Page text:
torical judgment is contained in this fact.

Given a rightly guided foreign policy, the com-
pletion of our Lines of Defence by the navy consti-
tutes an additional and increased guarantee of peace.
Just as the army prevents any wanton interruption
of the course of Germany's Continental policj^ so the
navy prevents any interruption in the development of
our world policy. As long as we had no navy, our
rapidly growing international industrial interests,
which are also inalienably bound up with our national

Peaceful Aims of German World Policy 49

economic interests, presented a vulnerable surface to
our opponents. By protecting this weak point, and
also rendering a naval attack on the Empire an under-
taking of great risk for the enemy, we preser\"ed not
only the peace of our own country, but also that of
Europe. We were concerned with the acquirement
of means of defence, not of attack. After entering
the ranks of the Sea Powers we continued quietly on
the same course as heretofore. The new era of un-
bounded German world-policy, which was so often
foretold abroad, has not dawned. But we certainly
have acquired the means of effectively protecting our
interests, of resisting aggression, and of maintaining
and developing our position everywhere, especially
in Asia Minor and Africa.

As our problems in world-politics increased, the
web of our international relations had to be extended.
Distant oversea States, which at the time of our purely
Continental policy concerned us but little, grew of
more and more importance to us. It became the most
significant duty of our present-day policy to cultivate
good and, if possible, friendly relations with these.
This refers primarily to the two Great Powers of
the West and the East, the United States of America

50 Imperial Germany

and Japan. In both cases we had to overcome tem-
porary differences before there could be any ques-
tion of entering into friendly relations.


During the Spanish- American War a section of
German public opinion manifested strong sympathy
with Spain, which was resented in the States. Ger-
man relations with America had also been clouded by
the way in which part of the English and American
Press had interpreted certain incidents which had oc-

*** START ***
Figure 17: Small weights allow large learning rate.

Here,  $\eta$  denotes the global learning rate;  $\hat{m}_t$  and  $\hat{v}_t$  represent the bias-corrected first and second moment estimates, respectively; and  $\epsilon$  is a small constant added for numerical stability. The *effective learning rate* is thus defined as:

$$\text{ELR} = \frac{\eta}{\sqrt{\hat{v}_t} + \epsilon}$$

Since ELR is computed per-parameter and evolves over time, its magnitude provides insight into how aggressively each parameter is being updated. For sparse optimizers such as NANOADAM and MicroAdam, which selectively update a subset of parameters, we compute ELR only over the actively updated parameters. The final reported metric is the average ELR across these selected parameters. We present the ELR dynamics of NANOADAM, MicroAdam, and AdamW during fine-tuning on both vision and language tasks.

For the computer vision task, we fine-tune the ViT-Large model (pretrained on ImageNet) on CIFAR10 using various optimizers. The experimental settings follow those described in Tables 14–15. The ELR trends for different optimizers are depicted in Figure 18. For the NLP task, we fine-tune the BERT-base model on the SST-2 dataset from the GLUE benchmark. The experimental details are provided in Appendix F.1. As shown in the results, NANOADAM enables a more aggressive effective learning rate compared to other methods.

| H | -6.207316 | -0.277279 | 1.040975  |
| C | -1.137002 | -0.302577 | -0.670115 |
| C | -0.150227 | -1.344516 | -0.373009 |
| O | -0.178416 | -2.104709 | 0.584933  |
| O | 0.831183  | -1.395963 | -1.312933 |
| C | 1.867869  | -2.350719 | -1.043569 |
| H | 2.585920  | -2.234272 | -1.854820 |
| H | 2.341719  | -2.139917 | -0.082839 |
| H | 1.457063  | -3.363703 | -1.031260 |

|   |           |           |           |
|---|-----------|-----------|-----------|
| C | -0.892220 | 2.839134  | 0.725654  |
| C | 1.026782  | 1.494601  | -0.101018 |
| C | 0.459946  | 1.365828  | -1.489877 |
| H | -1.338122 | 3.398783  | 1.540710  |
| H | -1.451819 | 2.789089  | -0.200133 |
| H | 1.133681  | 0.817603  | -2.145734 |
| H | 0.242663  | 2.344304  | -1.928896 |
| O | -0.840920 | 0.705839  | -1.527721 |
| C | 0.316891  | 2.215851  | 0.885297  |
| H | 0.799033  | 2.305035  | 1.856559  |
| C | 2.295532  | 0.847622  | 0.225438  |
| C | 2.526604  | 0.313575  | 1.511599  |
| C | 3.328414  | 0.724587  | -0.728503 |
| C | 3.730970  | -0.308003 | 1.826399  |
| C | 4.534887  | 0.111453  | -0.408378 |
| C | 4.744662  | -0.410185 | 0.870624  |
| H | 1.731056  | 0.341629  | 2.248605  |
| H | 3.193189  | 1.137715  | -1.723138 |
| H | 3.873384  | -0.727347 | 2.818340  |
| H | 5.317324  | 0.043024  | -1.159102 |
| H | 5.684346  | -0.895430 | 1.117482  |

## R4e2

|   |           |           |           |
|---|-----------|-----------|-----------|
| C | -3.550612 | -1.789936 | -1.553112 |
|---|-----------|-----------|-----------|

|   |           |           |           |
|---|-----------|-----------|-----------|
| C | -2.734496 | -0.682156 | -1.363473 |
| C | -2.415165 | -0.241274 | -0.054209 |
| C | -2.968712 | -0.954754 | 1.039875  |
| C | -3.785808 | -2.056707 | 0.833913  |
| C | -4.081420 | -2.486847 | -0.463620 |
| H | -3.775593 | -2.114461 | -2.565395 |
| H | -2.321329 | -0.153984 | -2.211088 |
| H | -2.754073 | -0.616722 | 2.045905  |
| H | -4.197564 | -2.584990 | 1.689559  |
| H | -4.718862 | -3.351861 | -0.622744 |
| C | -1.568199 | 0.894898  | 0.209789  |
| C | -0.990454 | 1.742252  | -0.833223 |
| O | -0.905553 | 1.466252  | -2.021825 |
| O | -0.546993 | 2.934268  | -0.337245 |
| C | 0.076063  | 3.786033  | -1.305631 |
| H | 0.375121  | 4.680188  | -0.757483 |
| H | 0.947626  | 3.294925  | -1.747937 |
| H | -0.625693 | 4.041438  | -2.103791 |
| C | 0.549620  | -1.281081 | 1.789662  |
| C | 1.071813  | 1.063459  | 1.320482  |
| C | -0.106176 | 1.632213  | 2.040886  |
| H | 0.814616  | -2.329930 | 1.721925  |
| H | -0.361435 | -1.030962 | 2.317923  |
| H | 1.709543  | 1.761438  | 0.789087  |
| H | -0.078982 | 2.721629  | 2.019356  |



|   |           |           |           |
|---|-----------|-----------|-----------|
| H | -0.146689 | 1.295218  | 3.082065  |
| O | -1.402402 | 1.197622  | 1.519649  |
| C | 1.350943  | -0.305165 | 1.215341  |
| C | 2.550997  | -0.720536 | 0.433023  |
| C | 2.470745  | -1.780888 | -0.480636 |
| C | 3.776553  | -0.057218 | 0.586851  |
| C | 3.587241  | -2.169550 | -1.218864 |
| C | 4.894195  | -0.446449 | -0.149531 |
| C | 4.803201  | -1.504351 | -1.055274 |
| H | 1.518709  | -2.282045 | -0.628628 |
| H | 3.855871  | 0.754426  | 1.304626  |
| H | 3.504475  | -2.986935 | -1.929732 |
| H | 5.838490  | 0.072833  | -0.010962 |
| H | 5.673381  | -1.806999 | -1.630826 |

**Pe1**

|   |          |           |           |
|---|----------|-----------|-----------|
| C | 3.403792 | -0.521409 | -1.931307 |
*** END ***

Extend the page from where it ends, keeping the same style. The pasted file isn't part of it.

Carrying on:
curred between our squadrons and the American fleet
off Manila. This difference reached its height in
February, 1899, so that it seemed desirable strongly
to advocate preparations for a better understanding
between the two nations of kindred race. What I
said on this point in the Reichstag has subsequently
proved true. "From the point of view of a common-
sense pohcy, there is no reason why the best relations
should not subsist between Germany and America.
I see no single point in which the German and Ameri-
can interests are opposed, nor any in the future where,
in the course of their development, they are likely to
clash. We can say without hesitation that during the
last century the United States have nowhere found

Germany and the United States 51

better understanding or juster recognition than in
this country." More than anyone else the Emperor
WiHiam II. manifested this understanding and ap-
preciation of the United States of America. It was
he who first paved the way for our friendly and sound
relations. He won over the Americans by his con-
sistently friendly and sympathetic attitude. He was
bound to President Roosevelt by ties of personal
friendship. The mission of Prince Henry to Amer-
ica was crowned with the success we had anticipated.
It contributed largely to making both nations realise
how many common interests united them, and how
few real differences divided them. It was a happy
thought of the Emperor's, too, to knit the two Ger-
manic nations together intellectually, by the exchange
of teachers of repute in the German and American
Universities. German intellect, poetry, philosophy,
and science have met nowhere with more sincere admi-
ration than in the United States. On the other hand
Germany, more than any other country, studied and
welcomed the wonderful technical inventions of
America. This intimate exchange of ideas in the
field of intellectual and scientific achievement found
its outward manifestation in the arrangements for
exchanging professors. These ties between the two

52 Imperial Germany

nations and also between their rulers, as they grew
closer, prompted a friendly political relation between
us and the United States. Not only did we settle
the question of Samoa amicably, but during the crit-
ical period through which our country passed at the
beginning of the new century America never once
opposed our policy. With the exception of Austria,
there is probably no country where existing circum-
stances contribute so naturally to permanent friendly
relations with us as in North America. About 12,-
000,000 Germans live in the United States. Since